BY JONATHAN VALANIA “She would have been a good woman if she had someone around to shoot her every day of her life,” says The Misfit at the end of Flannery O’Connor’s “A Good Man Is Hard To Find.” The same could have been said of Michael Jackson. Instead he got Joseph Jackson, terrifying paterfamilias of America’s bizarro first family. By all accounts Joe Jackson, an ex-boxer and struggling musician who wound up a crane operator in a Gary, Indiana steel mill fits the profile of the tyrannical showbiz dad who transfers his thwarted dreams of stardom onto his offspring, whether they want it or not.
He cracked the whip like an circus animal trainer — literally, once holding Michael upside down by one leg and unleashing a barrage of blows on his son’s back and buttocks — until his children danced like a spinning tops and sang like a canaries in the coal mine. One night, Joe Jackson donned a fright mask and snuck in his sons’ bedroom window, screaming awake his sleeping sons — just to teach them the dangers of sleeping with the window open. For years afterward, Michael would be haunted by nightmares of a kidnapper climbing inside his window. Fear would make the Jackson 5 great — fear of failure, fear of pennilessness, but most of all fear of their father.
Seven hundred and fifty million albums sold later, the end justifies the means, some would say. I wonder.
Arguably it was Michael Jackson’s Peter Pan Syndrome, writ large, twisted and toxic, that sank his Titanic talent and ultimately killed him in the end. Peter Pan Syndrome is the disease of arrested development, often suffered by those robbed of a childhood by the pre-pubescent pursuit, willing or otherwise, of tender-aged stardom. It is not recognized as a form of mental illness by the American Psychiatric Association, but I think it’s safe to say that Michael Jackson — having burned through $500 million he didn’t have along with the hundreds of millions he did, having been brought up on charges of child molestation, having disfigured his legacy in much the same way he disfigured his face — has proven them wrong.
Presumably, his long-rumored and ultimately fatal self-medication — daily doses of Demerol and Oxycontin, it has been reported — was his way of coping with the pain of his alienation from the human race and the shame of the glaring disconnect between who he was and who the world demanded that he be: A grown-up. He was eight years old when the Jackson 5 started, and though his body aged, he never really got any older. Small wonder that he preferred the company of children. The last 20 years of is adult life was one long Disney dark ride — a twilight zone of megalomaniacal man-childhood trapped in the decaying Neverland ruins of his own making — the kind of warped through-the-looking-glass existence you get when a certain madness is given an unlimited line of credit.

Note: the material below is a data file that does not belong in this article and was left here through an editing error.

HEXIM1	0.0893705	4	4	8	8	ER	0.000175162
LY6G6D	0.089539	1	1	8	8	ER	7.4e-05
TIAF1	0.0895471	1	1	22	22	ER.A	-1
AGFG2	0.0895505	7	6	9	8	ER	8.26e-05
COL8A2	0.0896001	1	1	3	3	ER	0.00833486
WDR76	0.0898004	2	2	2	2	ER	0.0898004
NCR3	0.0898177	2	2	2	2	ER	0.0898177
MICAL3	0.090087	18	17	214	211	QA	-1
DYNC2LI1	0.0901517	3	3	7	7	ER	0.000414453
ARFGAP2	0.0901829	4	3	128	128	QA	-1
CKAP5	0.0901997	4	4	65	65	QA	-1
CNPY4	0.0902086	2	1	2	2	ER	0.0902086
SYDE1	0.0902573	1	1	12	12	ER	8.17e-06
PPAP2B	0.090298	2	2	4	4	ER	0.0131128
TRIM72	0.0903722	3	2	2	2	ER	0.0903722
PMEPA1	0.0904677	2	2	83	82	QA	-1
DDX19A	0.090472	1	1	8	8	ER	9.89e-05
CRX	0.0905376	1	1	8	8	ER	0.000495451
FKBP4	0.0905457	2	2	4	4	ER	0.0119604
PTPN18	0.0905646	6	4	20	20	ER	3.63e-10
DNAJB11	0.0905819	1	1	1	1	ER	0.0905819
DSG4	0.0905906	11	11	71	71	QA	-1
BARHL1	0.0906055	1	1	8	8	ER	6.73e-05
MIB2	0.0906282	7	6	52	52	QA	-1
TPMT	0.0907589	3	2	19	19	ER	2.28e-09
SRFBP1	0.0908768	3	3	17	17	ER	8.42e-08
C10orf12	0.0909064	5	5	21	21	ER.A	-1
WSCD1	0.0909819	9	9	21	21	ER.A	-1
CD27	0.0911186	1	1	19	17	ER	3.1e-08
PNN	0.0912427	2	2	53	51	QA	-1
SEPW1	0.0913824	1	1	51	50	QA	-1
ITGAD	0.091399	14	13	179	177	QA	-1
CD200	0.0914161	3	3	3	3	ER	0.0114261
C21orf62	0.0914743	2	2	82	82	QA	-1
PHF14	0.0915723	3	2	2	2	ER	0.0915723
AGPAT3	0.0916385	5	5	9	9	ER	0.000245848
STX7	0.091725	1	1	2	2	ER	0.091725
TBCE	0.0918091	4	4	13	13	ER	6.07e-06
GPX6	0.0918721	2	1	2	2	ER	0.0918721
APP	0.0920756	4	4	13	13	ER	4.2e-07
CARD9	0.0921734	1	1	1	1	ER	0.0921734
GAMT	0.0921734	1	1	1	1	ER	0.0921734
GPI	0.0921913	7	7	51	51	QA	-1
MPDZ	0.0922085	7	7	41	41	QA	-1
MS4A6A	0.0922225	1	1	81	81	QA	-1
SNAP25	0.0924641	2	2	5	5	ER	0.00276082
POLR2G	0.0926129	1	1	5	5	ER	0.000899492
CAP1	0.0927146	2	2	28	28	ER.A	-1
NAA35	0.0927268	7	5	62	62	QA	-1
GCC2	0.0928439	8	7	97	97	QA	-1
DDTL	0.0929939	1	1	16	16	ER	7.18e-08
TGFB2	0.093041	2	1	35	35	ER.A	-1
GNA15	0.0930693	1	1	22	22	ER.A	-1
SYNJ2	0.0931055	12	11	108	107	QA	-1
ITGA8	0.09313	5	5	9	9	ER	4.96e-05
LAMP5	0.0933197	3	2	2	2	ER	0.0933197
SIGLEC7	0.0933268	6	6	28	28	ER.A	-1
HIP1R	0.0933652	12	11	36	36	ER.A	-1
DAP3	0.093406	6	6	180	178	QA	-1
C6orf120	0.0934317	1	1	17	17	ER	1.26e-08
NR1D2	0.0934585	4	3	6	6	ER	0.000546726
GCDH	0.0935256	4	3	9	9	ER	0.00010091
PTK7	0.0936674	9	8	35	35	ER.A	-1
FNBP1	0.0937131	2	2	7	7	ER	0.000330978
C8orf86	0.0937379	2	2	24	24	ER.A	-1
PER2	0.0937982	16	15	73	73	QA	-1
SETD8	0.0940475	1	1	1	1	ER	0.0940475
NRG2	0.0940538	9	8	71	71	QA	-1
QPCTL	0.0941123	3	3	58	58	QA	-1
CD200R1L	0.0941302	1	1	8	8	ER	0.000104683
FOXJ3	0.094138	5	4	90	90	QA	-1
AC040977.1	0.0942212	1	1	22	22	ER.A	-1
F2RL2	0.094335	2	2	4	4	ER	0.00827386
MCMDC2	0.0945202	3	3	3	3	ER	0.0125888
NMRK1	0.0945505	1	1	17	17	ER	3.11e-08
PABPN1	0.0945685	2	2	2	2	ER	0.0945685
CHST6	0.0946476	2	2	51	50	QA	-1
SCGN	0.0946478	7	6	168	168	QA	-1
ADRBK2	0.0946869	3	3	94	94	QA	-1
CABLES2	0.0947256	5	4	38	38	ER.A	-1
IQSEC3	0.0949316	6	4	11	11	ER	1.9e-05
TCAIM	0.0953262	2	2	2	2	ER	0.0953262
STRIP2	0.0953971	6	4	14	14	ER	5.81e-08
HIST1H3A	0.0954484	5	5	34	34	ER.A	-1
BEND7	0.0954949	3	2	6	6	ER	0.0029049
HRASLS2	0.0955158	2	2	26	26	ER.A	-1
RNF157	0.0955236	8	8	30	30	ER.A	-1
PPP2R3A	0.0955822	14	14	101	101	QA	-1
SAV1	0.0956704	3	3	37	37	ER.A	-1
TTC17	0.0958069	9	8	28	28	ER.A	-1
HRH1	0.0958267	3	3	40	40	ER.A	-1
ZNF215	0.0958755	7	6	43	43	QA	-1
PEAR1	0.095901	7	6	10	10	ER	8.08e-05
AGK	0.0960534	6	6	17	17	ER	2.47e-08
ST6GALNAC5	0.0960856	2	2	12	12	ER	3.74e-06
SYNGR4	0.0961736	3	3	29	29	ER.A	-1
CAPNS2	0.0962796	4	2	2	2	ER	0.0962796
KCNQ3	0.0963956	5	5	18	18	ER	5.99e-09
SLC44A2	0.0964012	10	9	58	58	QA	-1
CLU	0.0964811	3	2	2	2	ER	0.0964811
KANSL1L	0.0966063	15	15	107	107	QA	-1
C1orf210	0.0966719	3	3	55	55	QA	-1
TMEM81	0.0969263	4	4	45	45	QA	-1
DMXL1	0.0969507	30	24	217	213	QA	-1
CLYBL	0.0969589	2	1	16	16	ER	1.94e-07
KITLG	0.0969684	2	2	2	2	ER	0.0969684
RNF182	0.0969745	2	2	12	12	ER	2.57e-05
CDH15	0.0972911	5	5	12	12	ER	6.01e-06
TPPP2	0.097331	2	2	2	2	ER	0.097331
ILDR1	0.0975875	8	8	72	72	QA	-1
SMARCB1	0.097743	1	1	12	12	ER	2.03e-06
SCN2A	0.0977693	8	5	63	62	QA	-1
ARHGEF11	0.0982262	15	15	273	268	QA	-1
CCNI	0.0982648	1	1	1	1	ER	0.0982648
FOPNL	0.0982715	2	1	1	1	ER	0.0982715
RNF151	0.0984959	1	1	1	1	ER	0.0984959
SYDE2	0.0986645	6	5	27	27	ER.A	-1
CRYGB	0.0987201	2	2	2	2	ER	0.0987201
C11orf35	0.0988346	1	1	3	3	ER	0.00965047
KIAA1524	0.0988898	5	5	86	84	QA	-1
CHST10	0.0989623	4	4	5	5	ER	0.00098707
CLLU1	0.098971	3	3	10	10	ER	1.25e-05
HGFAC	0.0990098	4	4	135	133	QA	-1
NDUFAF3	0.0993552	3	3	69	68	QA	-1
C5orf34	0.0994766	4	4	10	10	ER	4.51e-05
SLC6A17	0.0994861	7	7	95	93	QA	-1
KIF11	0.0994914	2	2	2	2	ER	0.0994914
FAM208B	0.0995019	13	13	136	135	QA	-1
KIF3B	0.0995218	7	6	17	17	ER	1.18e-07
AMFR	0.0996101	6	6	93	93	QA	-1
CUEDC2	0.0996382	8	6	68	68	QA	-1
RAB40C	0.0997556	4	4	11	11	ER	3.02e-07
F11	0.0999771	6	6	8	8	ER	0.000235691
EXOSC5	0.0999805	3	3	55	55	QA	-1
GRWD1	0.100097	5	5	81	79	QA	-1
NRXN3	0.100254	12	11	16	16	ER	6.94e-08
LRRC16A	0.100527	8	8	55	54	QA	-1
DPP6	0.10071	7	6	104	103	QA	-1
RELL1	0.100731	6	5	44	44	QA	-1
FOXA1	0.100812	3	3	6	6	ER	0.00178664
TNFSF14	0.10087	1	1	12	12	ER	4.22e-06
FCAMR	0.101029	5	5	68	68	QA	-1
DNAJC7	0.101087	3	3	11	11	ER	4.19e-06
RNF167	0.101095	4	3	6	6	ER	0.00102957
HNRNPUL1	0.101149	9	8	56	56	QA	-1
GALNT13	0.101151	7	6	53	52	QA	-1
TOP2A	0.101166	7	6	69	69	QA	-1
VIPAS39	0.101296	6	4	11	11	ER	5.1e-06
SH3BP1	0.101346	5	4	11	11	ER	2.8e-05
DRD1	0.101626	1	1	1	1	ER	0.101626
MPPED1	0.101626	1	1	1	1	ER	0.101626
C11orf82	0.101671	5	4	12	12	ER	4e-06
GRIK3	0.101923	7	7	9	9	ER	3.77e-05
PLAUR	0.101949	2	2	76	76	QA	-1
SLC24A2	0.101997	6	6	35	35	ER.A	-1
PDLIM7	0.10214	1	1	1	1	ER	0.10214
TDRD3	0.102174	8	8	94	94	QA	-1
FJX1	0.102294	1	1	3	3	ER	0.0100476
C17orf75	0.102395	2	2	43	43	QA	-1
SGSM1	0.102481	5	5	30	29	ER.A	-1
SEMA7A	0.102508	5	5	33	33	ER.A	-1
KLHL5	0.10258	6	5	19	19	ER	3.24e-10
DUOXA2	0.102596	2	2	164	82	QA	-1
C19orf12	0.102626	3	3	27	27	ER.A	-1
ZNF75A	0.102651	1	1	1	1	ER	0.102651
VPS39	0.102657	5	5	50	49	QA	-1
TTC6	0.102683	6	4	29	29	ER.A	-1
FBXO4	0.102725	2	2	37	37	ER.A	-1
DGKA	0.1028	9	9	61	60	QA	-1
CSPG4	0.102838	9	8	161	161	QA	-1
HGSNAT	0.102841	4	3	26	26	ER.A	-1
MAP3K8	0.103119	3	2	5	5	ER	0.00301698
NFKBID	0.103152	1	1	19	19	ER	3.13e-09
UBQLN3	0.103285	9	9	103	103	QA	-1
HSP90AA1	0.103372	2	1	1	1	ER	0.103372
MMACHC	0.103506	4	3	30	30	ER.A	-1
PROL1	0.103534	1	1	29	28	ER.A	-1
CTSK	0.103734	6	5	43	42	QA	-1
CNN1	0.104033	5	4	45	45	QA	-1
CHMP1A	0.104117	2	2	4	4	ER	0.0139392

I bring all this up for two reasons: First the custody battle for Michael Jackson’s children, such as they were, has begun, and the judge has awarded temporary custody to Michael’s mother. As such, the circle remains unbroken. Secondly, as much as I am saddened and conflicted by Michael Jackson’s passing, I am sickened that the cruelty that birthed his celebrity is matched by the tawdriness of his family’s response to his death. The way they have been pointing the finger of blame solely at Michael’s personal physician, the way they brought in Jesse Jackson and Al Sharpton to muddy the waters and act as carnival barkers for the greatest show on Earth, the ridiculously hyperbolic media circus they have whipped up to document every mindlessly overstated and agonizingly overdetermined nanosecond of the golden goose’s passing.
It all seems so unseemly and pimp-like, so pre-Obama, so OJ trial version 1.0. The way they demanded a second autopsy when they didn’t like the results of the first — did not like that Michael’s death could not be blamed on someone other than Michael, and by extension, themselves. Perhaps, they are laying the groundwork for a wrongful death suit, or perhaps they are hoping to polish his tarnished legacy, and by extension his posthumous selling power (it is well known that Elvis is worth much more in death than he ever was in life), to paint him as a victim instead of a victimizer. In the end, I’d say he was both. After all, the fruit doesn’t fall far from the tree.
RELATED: A Los Angeles County Superior Court judge issued a ruling this morning granting temporary guardianship of deceased singer Michael Jackson’s three children to his mother, Katherine Jackson, a court spokesman said. Michael Jackson’s mother had filed documents this morning in Los Angeles County Superior Court, seeking guardianship of the deceased pop singer’s three children. Attorneys for Katherine Jackson said in court papers that the children’s biological mother, Debbie Rowe, does not have a relationship with them and that if she won custody, it would be “detrimental” to the minors. Prince Michael Jr., 12, Paris Michael Katherine, 11, and Prince Michael II, 7, are living with their grandmother and their grandfather, Joe Jackson, and have a “long established relationship” with her, the filing stated. MORE